Over the past decade or so, the technology industry has transformed many things we used to buy as physical products into digital services we subscribe to or access on a pay-per-use basis. Think about how we have moved from buying CDs towards paying a monthly subscription to use Spotify, or the shift from DVDs to Netflix.
Could cars be the next part of everyday life to be transformed from a physical product into an on-demand service? Some technologists and economists predict that the privately-owned car will go the way of the horse and buggy within in a decade. In their view, only motor enthusiasts and the rich will one day own personal cars, which they will use for leisure rather than transportation.
One study in the US, for example, forecasts that private car ownership will fall by as much 80% by 2030 and that using electric ride-shares will be four to 10 times cheaper than buying a new car by 2021. The researchers foresee a world where communal, autonomous (self-driving) electric cars owned by cities or ride-sharing companies offer a safe, efficient and flexible personal transportation system.
We’re already at the beginning of this revolution, with ride-hailing services like Uber and Taxify already potentially cheaper for some people than owning a car. Car sharing services such as Zipcar – which enables you to subscribe by the month and then hire a car by the hour – and Turo – an Airbnb-like service that matches car owners with car renters – have also started to pop up around the world.
MyTreasury.co.za crunched the basic numbers and found using Uber could be more cost-effective on a per-kilometre basis for people in Johannesburg, Cape Town and Durban who travel less than 50 kilometres a day. The reason for this is that you pay only for the distance you travel, without the costs of car ownership such as maintenance, insurance, financing, licences and depreciation.
One also needs to add in the lifestyle costs. How much of your time do you spend stuck in traffic or looking for parking? What if you could be making calls and working on your computer during your commute instead of sitting at the wheel?
The end of the parking lot?
The authors of the US study I cited earlier believe that the effect of shared ride-hailing will completely change how cities work in the years to come.
Not only will it be more efficient to increase the utilisation of vehicles by sharing them, it will also reduce the amount of space we currently use for parking in cities where real-estate is expensive and in short supply.
What’s more, autonomous vehicles should be safer since their software will not make mistakes, drive recklessly or get behind the wheel after a beer too many after a long lunch on Friday. In theory, a shift to shared, driverless cars should also improve traffic flow by reducing the stop-start rhythm of human driving.
As great as that all sounds, shared, driverless vehicles are most likely further in the future than the more optimistic forecasts suggest. While the technology is advancing fast, it may take longer to change human behaviour. For many of us in the middle classes, a car is more than a way to get from point A to point B. It is also a status symbol, a fashion statement and an emblem of personal freedom.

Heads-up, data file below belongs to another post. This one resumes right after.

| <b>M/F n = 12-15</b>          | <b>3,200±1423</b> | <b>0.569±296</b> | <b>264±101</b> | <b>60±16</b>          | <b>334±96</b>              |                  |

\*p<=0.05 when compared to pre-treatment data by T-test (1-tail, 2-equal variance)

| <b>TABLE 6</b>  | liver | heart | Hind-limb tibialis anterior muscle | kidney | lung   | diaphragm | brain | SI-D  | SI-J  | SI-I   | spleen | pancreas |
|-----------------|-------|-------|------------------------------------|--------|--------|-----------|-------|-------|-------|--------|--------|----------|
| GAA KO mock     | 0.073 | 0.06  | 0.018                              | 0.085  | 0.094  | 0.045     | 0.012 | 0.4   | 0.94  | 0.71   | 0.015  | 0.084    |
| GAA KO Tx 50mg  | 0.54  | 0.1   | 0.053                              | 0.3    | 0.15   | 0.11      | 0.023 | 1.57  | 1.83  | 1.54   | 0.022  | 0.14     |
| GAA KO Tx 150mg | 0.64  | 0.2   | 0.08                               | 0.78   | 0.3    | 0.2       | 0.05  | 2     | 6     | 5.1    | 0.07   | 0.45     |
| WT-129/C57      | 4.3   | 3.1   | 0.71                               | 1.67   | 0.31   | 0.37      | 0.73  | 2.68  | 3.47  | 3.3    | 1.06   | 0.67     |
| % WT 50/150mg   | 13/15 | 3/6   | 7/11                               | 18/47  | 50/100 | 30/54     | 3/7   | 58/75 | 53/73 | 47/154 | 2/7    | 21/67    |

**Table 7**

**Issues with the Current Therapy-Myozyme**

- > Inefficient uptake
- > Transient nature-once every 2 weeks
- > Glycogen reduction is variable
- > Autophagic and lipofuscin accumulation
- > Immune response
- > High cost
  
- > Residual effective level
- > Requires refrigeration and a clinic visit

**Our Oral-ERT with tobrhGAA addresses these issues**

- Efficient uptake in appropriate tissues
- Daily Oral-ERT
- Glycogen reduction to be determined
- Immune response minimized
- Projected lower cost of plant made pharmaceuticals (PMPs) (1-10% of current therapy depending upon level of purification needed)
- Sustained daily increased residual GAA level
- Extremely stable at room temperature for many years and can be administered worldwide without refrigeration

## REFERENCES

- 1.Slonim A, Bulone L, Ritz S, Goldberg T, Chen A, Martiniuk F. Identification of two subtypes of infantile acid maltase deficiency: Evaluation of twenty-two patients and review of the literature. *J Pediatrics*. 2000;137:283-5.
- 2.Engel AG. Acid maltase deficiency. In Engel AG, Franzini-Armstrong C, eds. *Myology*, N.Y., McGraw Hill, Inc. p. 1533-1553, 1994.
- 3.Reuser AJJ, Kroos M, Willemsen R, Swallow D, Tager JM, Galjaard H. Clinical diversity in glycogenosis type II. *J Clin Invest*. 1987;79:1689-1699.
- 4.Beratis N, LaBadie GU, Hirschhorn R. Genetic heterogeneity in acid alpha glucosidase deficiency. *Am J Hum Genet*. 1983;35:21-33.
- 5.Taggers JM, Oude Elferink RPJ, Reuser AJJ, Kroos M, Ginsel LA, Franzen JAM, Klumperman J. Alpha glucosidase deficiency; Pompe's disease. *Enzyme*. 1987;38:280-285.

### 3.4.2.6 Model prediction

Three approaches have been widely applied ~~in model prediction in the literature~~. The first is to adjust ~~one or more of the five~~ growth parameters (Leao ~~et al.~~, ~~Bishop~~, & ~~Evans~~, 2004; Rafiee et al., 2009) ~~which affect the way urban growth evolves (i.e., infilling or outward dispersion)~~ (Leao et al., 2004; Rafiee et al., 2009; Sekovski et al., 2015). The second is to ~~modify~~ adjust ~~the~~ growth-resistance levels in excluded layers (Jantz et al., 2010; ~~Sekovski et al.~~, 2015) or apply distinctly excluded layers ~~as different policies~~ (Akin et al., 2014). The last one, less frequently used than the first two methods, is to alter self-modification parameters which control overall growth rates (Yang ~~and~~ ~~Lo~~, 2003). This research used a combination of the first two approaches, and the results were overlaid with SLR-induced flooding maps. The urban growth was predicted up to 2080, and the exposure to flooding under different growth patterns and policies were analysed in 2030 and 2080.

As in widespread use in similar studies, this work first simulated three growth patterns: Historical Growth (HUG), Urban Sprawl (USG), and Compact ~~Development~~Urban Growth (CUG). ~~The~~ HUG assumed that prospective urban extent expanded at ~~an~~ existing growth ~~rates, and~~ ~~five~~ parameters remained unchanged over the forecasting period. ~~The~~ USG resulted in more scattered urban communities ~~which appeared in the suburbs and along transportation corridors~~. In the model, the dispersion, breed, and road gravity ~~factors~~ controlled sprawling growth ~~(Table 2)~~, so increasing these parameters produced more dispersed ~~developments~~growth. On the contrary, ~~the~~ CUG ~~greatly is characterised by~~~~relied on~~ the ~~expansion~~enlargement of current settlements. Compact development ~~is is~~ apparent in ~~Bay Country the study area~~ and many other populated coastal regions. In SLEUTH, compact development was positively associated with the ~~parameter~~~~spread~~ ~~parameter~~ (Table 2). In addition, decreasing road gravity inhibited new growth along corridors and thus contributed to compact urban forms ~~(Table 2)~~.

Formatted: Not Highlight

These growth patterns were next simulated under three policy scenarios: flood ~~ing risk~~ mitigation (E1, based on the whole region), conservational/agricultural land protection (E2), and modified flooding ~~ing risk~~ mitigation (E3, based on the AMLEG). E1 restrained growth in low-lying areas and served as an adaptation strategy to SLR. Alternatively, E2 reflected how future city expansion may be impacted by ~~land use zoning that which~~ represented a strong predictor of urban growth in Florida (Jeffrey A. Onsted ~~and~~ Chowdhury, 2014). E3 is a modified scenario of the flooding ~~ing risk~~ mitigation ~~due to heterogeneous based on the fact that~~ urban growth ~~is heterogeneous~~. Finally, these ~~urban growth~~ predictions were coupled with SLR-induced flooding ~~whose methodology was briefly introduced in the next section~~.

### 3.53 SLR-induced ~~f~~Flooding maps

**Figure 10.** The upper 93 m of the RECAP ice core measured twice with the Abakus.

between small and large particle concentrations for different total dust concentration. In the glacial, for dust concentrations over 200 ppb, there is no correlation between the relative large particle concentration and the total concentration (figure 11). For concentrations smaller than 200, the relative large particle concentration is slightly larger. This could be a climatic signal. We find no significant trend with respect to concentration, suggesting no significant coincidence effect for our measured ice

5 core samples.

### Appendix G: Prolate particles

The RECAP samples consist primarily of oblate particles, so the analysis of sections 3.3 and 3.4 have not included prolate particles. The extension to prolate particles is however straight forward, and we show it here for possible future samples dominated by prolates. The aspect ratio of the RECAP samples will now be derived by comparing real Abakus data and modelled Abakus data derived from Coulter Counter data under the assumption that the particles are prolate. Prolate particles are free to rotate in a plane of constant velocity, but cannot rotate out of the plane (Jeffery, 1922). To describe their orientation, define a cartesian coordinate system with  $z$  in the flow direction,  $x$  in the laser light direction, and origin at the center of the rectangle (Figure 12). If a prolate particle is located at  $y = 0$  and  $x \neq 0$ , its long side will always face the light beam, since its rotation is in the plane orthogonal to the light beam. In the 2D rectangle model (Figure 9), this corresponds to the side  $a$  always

This is why car ownership remains stubbornly high even in European and Asian cities with cheap, reliable public transport and bans on, or congestion charges for, private cars in their centres. The transition will be even slower in a country like South Africa. The taxi industry, unions and government will resist the job losses; autonomous vehicles are probably also not ready to navigate the unpredictable drivers of Jozi’s mean streets.
Transforming car ownership
Still, the rise of on-demand technology is already affecting many aspects of the car ownership experience.
Our data indicates that a surprisingly small percentage – just over 21% – of our customers opt for car hire as part of their insurance cover. We suspect the reason for this is that many of our customers choose to save on their premiums knowing that they can Uber for a while if something happens to their car.
Car insurance itself is also turning into an on-demand service, powered by artificial intelligence and algorithms, just like ride-hailing services. For example, Naked’s CoverPause allows customers to switch their accident cover off when they are not using their vehicle for a while.
You can save around half of your insurance premium on the days that you are not driving. Simply press one button on the app to downgrade your cover. If you want to drive again, you can switch back to full cover with one click. In future, we can also expect to see car insurance pricing models, such as paying for each kilometre you drive, to become more common.
So, while car ownership and car insurance are likely to be a part of your life for some years to come, connected technology will change your experience in remarkable ways. Today, buying and switching insurance from your phone is as quick and easy as registering for Uber and hailing your first ride.